Inviting Openness: Thoughtful Questions, Aboriginal Interviewers, Face to Face Conversations

In addition to locating and engaging a representative sample of urban Aboriginal people, there was the question of whether people would be willing to participate and speak candidly. Ginger Gosnell-Myers says that inviting honesty from study participants was a major preoccupation for her team at the beginning of the project. “Some of this is sensitive material. We made sure that participants knew they were in control and could stop the interview at any time.” As the interviews progressed, however, her concerns were alleviated. “Every person answered every question. Our interviewers would get to the end of an hour-long survey, and the person they were interviewing would say, ‘Can we keep talking?’ That just doesn’t happen in survey research.” Gosnell-Myers says that in her mind, this was a sign that the UAPS was asking the right questions at the right time. “These were questions people really wanted to answer—questions people were glad to be asked.”

Representatives of both the Advisory Circle and Environics Institute agree that, in addition to respectful questions, two other factors were crucial to making study participants feel at ease. The first was that nearly all the interviewers were themselves Aboriginal. Over a hundred Aboriginal people, some of them students in the social sciences, were hired and trained to carry out the hundreds of interviews that constitute the UAPS. In each city, a project coordinator (in most cases an Aboriginal person) was hired to manage the interviewers, connect with local Aboriginal organizations, and communicate with Gosnell-Myers and her fellow coordinator Vina Wolf.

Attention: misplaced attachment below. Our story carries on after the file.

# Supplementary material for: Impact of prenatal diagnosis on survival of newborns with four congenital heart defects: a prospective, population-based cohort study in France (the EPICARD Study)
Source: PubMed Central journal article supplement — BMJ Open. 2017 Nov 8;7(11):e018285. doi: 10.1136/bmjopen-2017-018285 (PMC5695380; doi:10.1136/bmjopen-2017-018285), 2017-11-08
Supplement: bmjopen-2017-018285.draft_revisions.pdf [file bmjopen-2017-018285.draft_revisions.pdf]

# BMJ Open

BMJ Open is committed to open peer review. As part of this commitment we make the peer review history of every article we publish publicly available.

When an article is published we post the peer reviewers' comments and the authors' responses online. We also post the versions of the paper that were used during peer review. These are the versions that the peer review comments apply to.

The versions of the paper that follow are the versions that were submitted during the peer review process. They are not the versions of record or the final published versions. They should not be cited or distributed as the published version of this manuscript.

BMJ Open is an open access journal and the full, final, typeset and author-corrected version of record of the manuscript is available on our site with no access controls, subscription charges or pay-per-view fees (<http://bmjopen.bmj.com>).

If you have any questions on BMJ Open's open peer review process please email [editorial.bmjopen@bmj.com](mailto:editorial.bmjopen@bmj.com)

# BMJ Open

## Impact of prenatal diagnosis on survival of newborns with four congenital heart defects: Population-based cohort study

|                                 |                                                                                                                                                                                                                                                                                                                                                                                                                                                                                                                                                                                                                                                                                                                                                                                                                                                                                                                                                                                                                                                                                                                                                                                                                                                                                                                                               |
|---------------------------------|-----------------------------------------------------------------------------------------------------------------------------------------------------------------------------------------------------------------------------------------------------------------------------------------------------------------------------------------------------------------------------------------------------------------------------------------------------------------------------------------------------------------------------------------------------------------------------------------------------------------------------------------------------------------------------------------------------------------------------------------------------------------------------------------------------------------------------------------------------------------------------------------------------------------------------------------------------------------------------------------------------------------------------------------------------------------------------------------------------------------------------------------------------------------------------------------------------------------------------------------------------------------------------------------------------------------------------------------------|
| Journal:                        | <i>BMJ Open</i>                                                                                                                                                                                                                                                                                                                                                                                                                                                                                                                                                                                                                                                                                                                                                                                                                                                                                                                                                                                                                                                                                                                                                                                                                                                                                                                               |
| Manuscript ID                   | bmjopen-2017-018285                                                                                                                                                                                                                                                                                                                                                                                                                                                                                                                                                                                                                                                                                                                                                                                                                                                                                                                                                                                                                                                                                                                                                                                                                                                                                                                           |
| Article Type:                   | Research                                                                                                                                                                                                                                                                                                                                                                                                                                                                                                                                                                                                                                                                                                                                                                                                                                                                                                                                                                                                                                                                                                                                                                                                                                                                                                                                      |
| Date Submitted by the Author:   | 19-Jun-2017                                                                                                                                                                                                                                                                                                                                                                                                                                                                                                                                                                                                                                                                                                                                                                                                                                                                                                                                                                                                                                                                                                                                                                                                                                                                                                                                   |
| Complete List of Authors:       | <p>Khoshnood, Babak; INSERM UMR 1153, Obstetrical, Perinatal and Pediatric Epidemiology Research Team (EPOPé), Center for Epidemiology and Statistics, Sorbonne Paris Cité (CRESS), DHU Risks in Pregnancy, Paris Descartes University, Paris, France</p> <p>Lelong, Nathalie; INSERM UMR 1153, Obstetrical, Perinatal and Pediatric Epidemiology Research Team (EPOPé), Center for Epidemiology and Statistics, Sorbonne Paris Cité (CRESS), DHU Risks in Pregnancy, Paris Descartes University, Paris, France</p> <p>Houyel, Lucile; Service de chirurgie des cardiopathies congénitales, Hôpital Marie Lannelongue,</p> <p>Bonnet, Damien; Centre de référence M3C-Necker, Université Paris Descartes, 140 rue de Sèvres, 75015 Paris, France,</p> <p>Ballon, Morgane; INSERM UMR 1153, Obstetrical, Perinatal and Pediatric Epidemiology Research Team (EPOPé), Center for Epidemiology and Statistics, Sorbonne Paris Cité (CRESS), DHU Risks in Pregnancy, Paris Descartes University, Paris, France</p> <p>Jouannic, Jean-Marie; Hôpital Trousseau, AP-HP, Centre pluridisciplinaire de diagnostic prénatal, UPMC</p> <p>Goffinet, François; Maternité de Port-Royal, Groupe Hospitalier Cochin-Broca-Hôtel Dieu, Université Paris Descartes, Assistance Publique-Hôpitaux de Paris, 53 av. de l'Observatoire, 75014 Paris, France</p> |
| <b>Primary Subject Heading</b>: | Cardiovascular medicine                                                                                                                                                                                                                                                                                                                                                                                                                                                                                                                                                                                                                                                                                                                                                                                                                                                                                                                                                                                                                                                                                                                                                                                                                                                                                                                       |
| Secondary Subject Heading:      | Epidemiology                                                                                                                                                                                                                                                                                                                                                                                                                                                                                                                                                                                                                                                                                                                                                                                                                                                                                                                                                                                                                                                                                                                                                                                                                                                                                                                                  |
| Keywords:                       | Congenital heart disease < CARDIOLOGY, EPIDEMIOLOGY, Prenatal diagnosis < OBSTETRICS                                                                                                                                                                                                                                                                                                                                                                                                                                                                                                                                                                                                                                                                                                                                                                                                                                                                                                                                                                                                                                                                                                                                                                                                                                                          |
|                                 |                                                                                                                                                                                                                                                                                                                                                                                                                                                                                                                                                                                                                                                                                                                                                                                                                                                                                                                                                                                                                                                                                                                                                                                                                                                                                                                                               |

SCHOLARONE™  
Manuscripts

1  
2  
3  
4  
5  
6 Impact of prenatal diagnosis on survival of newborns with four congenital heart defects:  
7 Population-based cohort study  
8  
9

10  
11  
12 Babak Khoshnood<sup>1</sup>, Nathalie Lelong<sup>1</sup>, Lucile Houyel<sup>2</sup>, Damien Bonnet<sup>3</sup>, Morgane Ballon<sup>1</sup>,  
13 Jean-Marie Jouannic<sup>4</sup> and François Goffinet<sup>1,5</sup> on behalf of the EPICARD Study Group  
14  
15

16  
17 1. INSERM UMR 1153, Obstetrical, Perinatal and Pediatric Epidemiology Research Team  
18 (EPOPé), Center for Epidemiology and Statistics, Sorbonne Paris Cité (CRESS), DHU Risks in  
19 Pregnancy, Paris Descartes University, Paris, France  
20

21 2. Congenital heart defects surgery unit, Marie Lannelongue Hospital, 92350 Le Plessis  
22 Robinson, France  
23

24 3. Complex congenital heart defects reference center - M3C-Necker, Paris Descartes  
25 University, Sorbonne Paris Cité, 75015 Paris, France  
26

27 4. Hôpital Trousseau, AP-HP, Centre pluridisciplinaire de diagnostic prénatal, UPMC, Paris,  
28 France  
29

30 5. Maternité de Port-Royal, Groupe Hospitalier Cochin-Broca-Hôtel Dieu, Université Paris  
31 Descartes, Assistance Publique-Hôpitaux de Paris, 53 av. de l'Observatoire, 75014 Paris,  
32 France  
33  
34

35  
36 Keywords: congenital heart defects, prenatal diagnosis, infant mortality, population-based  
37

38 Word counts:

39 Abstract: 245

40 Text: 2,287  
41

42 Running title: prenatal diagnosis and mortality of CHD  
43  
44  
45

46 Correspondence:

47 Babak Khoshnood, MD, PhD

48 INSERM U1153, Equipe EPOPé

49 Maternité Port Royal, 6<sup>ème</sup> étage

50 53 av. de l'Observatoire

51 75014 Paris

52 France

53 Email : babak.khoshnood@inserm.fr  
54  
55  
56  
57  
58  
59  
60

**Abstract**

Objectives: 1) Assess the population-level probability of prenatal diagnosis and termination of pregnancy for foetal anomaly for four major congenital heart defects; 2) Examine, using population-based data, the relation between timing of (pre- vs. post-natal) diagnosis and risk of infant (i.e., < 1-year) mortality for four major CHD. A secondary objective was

By training and supporting mainly Aboriginal interviewers and city coordinators, the Environics Institute added a significant element of local capacity-building to the study. It also made participants feel more comfortable sharing their perspectives. “I actually wasn’t worried about getting the data,” says Noella Steinhauer. “I knew that if Aboriginal people were doing the interviews and leading the research in the cities, our people would talk to them.” Evelyn Peters agrees: “The coordinators approached people in a way that was respectful. I’m not surprised that people took the opportunity. They probably saw that this was a chance to say something not only to the rest of Canada, but also to other Aboriginal peoples.”

Many UAPS advisors believe that a second reason for respondents’ candour was that the interviews were conducted in person—not over the telephone, as is standard practice for most national research initiatives. The decision to conduct the interviews face to face was a crucial one for the UAPS. Looking back, some Advisory Circle members see this as a make-or-break moment for the study. When the Environics Institute team arrived at The Forks for the first full Advisory Circle meeting, they presented their plan to survey urban Aboriginal peoples, NAAF scholars, and the Canadian public—all via telephone. Several members of the Advisory Circle objected. Not only did they worry that covering sensitive issues over the telephone would be disrespectful, they raised the concern that limiting the survey to people who had phones would in itself introduce a bias: “Some of our people don’t have phones. That’s the reality,” said Jennifer Rattray, the University of Winnipeg’s first Executive Director of Government, Indigenous and Community Affairs and a member of the Peepeekisis First Nation.

Over the course of the meeting, agreement emerged that in-person interviews would be ideal. This approach, however, would bring an already ambitious project to a whole new level of difficulty, complexity, and cost. Fortunately, the Environics Institute was able to attract further support for the study—some from new sources, and some from the project’s original funders. “We were lucky to have supporters who understood that we would be learning as we went, and that our approach would have to evolve,” says Michael Adams. “The switch to in-person interviews was the most significant case of us saying, Our original plan is not the best path. We have to listen to our Advisory Circle and change our approach in substantive ways. And by the way: this is going to be more expensive.'”

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